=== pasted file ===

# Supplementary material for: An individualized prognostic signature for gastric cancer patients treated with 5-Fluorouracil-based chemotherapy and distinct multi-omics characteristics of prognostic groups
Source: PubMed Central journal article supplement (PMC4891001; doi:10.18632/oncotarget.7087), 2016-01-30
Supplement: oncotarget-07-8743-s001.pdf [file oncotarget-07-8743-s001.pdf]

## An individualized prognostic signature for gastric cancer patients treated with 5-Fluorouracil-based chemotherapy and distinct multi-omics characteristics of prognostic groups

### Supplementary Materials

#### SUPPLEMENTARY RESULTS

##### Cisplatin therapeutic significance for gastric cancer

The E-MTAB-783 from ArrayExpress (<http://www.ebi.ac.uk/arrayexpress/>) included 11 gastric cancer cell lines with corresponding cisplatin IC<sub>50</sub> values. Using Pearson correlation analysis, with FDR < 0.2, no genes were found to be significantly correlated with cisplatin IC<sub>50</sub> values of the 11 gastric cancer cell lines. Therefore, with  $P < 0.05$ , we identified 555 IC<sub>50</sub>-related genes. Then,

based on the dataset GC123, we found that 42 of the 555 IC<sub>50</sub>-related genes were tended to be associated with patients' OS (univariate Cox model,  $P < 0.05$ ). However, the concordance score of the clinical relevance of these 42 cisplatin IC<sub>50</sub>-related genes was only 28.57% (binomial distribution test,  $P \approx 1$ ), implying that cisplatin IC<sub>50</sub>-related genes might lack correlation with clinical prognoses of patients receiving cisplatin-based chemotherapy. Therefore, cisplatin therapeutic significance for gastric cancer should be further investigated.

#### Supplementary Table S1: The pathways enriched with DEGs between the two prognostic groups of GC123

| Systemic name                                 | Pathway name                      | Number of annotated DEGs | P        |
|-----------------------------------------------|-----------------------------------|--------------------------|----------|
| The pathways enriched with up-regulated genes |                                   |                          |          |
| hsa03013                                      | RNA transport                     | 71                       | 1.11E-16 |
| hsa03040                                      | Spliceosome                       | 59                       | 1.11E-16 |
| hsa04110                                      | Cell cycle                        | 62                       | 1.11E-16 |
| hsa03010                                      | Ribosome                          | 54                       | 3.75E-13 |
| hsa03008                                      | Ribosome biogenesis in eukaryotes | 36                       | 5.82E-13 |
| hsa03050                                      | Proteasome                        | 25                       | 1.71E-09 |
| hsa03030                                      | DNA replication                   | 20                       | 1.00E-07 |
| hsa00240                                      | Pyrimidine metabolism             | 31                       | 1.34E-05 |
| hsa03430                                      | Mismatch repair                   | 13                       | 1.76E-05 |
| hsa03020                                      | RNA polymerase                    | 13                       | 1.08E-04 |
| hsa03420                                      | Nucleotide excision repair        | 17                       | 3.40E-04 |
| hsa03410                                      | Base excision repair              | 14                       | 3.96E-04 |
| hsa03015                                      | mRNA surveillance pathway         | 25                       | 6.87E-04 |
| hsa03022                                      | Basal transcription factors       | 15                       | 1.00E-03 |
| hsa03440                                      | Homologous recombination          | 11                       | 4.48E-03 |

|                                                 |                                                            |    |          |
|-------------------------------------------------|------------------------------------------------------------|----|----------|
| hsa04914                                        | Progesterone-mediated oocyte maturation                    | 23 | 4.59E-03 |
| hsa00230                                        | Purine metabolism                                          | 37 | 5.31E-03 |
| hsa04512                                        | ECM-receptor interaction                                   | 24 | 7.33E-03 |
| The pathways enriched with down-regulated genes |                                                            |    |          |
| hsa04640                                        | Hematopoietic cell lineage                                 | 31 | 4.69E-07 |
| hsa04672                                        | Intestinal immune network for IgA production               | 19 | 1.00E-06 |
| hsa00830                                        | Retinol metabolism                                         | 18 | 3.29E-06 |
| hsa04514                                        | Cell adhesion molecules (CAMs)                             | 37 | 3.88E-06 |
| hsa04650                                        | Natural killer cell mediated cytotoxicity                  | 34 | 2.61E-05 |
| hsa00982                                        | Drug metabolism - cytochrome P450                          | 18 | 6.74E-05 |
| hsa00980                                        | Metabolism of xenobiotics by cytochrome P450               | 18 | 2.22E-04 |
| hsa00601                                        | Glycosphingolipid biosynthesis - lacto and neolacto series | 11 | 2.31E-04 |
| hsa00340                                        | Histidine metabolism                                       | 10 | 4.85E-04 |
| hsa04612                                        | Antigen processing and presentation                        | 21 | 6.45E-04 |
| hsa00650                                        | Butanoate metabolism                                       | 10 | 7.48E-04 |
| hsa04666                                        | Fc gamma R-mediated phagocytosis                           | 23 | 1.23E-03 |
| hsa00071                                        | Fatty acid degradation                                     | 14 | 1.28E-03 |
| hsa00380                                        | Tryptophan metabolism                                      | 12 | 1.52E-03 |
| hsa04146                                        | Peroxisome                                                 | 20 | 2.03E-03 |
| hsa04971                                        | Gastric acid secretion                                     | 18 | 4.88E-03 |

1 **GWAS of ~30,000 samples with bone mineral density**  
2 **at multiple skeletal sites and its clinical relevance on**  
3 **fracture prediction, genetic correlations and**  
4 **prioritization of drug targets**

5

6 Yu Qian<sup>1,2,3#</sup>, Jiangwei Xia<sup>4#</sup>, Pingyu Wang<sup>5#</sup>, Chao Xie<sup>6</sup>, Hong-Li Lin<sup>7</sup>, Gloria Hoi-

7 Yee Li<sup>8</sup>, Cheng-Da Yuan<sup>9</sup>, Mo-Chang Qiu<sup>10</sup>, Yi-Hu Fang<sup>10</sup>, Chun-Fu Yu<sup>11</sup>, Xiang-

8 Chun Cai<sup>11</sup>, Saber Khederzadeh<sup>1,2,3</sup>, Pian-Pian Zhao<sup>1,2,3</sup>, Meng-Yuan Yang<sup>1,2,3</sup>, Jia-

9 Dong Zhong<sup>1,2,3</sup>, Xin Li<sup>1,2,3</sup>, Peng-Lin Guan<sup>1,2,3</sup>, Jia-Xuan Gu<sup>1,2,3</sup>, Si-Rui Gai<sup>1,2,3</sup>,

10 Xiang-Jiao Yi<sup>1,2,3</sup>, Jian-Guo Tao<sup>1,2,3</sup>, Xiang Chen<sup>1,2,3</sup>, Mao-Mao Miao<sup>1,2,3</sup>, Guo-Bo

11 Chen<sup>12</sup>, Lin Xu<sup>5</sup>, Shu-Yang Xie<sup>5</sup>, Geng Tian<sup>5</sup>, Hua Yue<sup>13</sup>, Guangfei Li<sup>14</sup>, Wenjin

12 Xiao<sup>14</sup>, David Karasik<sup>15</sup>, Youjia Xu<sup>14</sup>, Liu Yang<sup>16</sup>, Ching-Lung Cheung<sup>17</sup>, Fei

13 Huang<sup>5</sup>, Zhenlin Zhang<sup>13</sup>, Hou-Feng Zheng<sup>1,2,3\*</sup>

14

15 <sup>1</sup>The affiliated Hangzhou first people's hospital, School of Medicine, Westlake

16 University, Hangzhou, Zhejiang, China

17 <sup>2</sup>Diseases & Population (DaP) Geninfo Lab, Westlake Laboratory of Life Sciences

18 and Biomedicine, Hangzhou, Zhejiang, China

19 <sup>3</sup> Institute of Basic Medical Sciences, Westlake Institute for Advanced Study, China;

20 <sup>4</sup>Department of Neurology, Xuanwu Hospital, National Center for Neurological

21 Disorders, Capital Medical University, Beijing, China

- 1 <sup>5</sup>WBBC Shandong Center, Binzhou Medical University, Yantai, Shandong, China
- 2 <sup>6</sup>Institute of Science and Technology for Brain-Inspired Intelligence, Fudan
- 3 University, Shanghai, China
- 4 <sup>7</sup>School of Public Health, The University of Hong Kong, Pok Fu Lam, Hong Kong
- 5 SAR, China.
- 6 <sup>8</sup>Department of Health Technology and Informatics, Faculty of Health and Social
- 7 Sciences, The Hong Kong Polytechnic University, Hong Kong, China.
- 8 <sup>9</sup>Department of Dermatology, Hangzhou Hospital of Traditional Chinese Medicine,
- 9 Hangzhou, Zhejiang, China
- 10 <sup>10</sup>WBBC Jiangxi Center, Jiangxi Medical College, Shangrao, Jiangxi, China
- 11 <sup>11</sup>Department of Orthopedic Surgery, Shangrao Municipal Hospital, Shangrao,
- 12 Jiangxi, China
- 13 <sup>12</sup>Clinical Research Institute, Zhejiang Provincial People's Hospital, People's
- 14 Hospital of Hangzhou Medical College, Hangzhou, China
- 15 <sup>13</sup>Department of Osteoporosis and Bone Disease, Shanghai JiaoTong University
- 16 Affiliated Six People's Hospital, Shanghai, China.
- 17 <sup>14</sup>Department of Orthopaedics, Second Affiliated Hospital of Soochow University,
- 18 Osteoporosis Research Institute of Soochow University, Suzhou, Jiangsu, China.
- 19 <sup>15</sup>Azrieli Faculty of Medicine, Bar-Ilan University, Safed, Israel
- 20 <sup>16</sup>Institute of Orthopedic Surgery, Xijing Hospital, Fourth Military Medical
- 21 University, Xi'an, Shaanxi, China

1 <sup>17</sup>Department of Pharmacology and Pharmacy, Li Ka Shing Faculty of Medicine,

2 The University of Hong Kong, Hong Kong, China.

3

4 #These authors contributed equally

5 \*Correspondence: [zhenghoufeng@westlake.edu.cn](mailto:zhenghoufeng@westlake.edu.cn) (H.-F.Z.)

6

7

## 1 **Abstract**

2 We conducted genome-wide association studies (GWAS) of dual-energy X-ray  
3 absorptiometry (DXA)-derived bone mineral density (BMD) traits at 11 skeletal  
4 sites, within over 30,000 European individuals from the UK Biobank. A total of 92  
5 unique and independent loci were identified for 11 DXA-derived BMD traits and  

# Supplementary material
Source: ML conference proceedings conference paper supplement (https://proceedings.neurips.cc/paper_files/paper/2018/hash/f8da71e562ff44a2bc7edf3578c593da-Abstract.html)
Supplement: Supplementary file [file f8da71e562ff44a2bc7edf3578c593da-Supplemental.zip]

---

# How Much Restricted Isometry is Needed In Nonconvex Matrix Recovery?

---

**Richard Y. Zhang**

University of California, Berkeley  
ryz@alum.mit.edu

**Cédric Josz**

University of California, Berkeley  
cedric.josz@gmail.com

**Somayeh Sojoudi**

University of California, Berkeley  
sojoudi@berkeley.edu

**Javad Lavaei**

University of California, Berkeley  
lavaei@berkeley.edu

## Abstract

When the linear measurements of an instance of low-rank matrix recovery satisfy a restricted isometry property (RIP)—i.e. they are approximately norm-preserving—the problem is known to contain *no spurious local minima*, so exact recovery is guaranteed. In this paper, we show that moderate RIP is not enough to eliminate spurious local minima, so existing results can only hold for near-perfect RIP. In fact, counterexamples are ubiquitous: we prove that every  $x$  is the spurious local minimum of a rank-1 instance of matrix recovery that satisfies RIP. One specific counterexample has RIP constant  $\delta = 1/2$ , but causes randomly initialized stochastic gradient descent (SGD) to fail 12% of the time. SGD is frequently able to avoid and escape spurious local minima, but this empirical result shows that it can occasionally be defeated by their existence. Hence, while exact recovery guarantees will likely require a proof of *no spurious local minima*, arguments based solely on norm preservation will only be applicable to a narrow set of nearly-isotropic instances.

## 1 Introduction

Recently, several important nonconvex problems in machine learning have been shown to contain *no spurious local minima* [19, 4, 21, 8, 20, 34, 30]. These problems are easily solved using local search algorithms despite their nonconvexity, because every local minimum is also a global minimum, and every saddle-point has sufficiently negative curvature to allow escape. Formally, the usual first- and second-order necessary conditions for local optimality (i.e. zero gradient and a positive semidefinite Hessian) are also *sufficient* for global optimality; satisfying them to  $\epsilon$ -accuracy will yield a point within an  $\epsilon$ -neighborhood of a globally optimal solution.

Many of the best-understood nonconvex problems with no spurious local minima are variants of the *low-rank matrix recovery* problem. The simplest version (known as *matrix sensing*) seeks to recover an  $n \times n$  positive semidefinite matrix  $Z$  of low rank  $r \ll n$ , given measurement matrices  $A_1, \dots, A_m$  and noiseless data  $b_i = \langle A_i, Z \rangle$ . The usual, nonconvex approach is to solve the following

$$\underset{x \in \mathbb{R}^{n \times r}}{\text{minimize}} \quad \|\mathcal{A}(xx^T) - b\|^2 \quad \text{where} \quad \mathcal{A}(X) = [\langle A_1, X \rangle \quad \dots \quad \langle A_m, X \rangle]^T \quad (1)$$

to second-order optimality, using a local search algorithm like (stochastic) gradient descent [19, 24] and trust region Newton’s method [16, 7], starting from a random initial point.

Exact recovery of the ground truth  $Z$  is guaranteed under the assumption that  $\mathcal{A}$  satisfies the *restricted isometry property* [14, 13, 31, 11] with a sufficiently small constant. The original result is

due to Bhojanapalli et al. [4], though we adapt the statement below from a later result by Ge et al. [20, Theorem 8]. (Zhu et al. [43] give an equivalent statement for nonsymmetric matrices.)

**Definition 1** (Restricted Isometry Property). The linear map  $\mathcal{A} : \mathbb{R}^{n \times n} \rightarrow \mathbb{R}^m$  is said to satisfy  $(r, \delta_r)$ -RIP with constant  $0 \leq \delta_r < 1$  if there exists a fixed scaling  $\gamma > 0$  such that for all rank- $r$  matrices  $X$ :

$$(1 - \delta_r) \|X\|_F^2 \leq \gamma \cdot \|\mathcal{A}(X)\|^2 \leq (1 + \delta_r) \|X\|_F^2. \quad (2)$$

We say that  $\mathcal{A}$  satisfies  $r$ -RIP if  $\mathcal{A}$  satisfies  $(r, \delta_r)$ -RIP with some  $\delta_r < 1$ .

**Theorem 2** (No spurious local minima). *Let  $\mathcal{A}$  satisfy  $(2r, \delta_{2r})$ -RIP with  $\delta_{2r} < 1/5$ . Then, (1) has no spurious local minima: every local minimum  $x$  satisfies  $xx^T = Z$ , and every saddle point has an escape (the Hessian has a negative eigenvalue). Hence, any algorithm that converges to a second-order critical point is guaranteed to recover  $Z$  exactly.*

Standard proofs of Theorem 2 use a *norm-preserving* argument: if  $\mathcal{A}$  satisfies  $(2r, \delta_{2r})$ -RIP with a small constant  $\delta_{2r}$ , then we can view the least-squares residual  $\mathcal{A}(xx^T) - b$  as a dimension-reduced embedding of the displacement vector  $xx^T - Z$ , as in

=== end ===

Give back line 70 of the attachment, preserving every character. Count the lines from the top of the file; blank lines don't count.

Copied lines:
20 <sup>4</sup>Department of Neurology, Xuanwu Hospital, National Center for Neurological